Just work harder for Democrats?
Is an enemy of labor's enemy in Illinois really a friend, asks?
RECENTLY, I and many members of my AFSCME union local at Northeastern Illinois University went down to Springfield, Illinois, for what was billed as strategy meetings for surviving Republican Illinois Gov. Bruce Rauner's attack on public-service and state employees.
Highly emphasized during the first session were the goals of "messaging" to our members. It was explained to those of us in the room that, as we know, we haven't always gotten good results from the Democratic Illinois House Speaker Michael Madigan in fighting for our union's issues in the legislature in the past. Now, Madigan may be using the union and unions in general as an opportune means of keeping power by fighting Rauner's drastic cuts to the state.
So we were told to not mention any of Madigan's past indiscretions in working against the union when we talk to union members about fighting Rauner. We were told by the organizer that if we did mention the governor's past wrongs against AFSCME when talking to our members, we would essentially be letting Rauner win in messaging.
The second session was for our particular section of work--in my case, state university employees. This was a very small group, because a significant amount of university locals could not travel to the conference due to dangerous freezing rain on the roads.
We were told again that we needed to clarify our messaging to our members about Rauner, his handpicked Illinois Labor Relations Board and Republican legislators being the sole bad guys--that we cannot afford to muddle the issues, so that we can motivate more people to get out to vote against Rauner in his coming election.
We were also scolded about the low participation of union board members who went door-knocking for union-friendly Democratic politicians during this last election. We were told that, somehow, more door-knockers would have forced people to the polls to vote in their "best interests." Many in our room mentioned the lackluster choices in the candidates that we had, and that it would have seemed like we were browbeating people needlessly, given the lack of good choices.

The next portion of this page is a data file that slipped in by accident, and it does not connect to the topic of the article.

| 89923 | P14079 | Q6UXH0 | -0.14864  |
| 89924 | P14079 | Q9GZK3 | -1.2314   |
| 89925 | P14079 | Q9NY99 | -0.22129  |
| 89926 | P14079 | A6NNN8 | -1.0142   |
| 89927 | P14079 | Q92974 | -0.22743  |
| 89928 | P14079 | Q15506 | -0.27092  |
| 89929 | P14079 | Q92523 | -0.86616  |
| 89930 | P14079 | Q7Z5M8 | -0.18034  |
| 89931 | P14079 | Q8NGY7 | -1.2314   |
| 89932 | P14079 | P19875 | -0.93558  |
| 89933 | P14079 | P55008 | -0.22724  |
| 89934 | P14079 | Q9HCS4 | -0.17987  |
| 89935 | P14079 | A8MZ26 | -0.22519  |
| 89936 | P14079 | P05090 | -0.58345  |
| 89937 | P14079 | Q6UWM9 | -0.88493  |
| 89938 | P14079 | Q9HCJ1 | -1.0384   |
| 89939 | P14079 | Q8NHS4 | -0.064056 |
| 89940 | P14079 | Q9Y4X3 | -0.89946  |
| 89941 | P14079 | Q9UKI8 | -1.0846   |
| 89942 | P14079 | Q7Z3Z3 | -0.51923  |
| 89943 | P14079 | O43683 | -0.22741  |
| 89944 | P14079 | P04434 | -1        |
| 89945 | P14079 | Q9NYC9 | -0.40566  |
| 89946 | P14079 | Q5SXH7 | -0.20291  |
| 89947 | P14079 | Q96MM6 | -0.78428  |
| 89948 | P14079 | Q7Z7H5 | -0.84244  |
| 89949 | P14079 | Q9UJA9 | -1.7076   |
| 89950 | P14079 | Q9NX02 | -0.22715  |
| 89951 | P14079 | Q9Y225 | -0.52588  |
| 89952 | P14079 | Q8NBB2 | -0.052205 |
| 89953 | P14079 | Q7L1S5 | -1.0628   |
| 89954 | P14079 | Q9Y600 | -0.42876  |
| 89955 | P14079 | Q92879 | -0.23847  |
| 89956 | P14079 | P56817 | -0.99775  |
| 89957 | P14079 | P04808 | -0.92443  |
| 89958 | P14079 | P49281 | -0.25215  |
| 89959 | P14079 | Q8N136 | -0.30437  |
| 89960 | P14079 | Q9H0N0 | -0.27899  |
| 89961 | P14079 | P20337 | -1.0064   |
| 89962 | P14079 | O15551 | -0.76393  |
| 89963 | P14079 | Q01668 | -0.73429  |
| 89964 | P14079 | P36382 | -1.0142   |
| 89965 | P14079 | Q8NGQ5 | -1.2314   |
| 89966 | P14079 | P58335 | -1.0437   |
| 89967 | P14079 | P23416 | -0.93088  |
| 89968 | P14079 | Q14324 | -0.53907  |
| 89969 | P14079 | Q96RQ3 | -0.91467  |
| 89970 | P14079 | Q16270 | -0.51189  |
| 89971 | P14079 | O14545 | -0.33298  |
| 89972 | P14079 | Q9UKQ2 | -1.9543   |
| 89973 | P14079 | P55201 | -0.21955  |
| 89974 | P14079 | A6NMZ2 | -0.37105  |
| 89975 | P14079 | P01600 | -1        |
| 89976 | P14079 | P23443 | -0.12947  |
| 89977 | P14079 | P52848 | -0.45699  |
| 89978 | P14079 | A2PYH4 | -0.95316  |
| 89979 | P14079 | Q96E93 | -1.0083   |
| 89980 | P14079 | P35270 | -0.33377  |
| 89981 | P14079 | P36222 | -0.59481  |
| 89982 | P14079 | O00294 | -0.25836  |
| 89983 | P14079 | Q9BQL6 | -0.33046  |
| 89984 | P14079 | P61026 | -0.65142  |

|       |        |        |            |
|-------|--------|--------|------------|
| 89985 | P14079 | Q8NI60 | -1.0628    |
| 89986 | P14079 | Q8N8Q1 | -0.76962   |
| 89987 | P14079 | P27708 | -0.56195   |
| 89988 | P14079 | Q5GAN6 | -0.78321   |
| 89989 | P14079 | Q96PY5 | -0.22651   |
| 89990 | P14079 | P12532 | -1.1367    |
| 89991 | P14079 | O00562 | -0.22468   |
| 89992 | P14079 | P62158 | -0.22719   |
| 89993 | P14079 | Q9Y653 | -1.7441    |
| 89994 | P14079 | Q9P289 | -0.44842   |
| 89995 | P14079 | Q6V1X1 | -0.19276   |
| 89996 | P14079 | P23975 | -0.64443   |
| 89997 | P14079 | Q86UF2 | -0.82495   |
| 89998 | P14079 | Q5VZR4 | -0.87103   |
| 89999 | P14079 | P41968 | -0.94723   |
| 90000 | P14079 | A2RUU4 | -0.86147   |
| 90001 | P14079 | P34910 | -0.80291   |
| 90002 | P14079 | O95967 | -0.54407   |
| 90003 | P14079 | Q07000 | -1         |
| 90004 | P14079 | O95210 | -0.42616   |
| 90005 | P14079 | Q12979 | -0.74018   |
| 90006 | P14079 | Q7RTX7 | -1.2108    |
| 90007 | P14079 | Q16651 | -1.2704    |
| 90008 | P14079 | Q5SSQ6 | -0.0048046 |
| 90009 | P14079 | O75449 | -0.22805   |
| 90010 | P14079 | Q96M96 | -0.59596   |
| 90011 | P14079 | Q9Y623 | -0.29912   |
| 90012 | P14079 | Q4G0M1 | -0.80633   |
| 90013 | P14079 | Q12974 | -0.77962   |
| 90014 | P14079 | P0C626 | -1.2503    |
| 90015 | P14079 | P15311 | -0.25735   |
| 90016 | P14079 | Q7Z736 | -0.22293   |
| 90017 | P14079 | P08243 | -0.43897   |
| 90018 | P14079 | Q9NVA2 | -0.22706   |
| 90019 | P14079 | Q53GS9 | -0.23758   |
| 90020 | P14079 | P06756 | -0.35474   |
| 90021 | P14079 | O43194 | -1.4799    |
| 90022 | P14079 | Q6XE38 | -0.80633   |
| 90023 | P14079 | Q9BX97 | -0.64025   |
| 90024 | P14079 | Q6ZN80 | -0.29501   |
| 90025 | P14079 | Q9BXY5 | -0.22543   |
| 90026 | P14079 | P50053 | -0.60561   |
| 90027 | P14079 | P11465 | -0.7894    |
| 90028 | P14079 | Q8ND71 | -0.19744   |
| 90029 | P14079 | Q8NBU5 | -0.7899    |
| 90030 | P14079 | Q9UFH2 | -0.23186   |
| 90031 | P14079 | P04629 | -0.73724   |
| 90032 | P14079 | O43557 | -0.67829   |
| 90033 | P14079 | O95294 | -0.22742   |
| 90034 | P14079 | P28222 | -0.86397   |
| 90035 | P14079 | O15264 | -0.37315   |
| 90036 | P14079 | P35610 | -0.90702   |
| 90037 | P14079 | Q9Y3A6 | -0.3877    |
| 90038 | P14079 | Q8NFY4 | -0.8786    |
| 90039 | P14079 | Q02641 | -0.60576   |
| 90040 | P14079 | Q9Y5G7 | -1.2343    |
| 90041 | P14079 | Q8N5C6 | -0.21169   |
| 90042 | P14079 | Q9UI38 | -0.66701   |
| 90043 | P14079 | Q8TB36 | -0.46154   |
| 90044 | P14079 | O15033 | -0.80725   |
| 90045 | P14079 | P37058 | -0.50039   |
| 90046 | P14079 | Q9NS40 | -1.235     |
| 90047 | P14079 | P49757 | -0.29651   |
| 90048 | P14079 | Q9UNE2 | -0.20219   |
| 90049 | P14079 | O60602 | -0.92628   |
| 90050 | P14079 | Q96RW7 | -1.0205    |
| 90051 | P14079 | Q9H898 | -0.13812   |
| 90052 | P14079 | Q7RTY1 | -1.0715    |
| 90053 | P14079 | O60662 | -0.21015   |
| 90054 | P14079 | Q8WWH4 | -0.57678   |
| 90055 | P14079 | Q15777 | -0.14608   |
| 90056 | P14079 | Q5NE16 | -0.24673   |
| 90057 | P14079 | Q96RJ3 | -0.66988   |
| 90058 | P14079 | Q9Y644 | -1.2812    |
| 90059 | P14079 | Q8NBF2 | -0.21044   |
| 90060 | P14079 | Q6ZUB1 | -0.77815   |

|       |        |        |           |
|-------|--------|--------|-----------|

The response from those running the session? That we cannot afford the idea of "good choices" in this fight, and in the case of Madigan, "the enemy of our enemy is our friend."
This was restated to us many times during the back-and-forth discussion. The discussion leaders also told us that this is what grassroots organizing is like--supporting union-friendly Democrats and Republicans.
It was a sad disconnect between the organizers and the members who came looking to add some meaningful ideas about strategizing against the Rauner agenda. We were essentially admonished about how we need to work harder, with more effort, on what has been proven to be losing strategy--instead of looking at ideas from our members about what could work more effectively beyond the electoral arena.
I came away with the feeling that the organizers who were giving us these unmotivating directives were not convinced of the message that they were drilling into us, and I wondered what they really thought.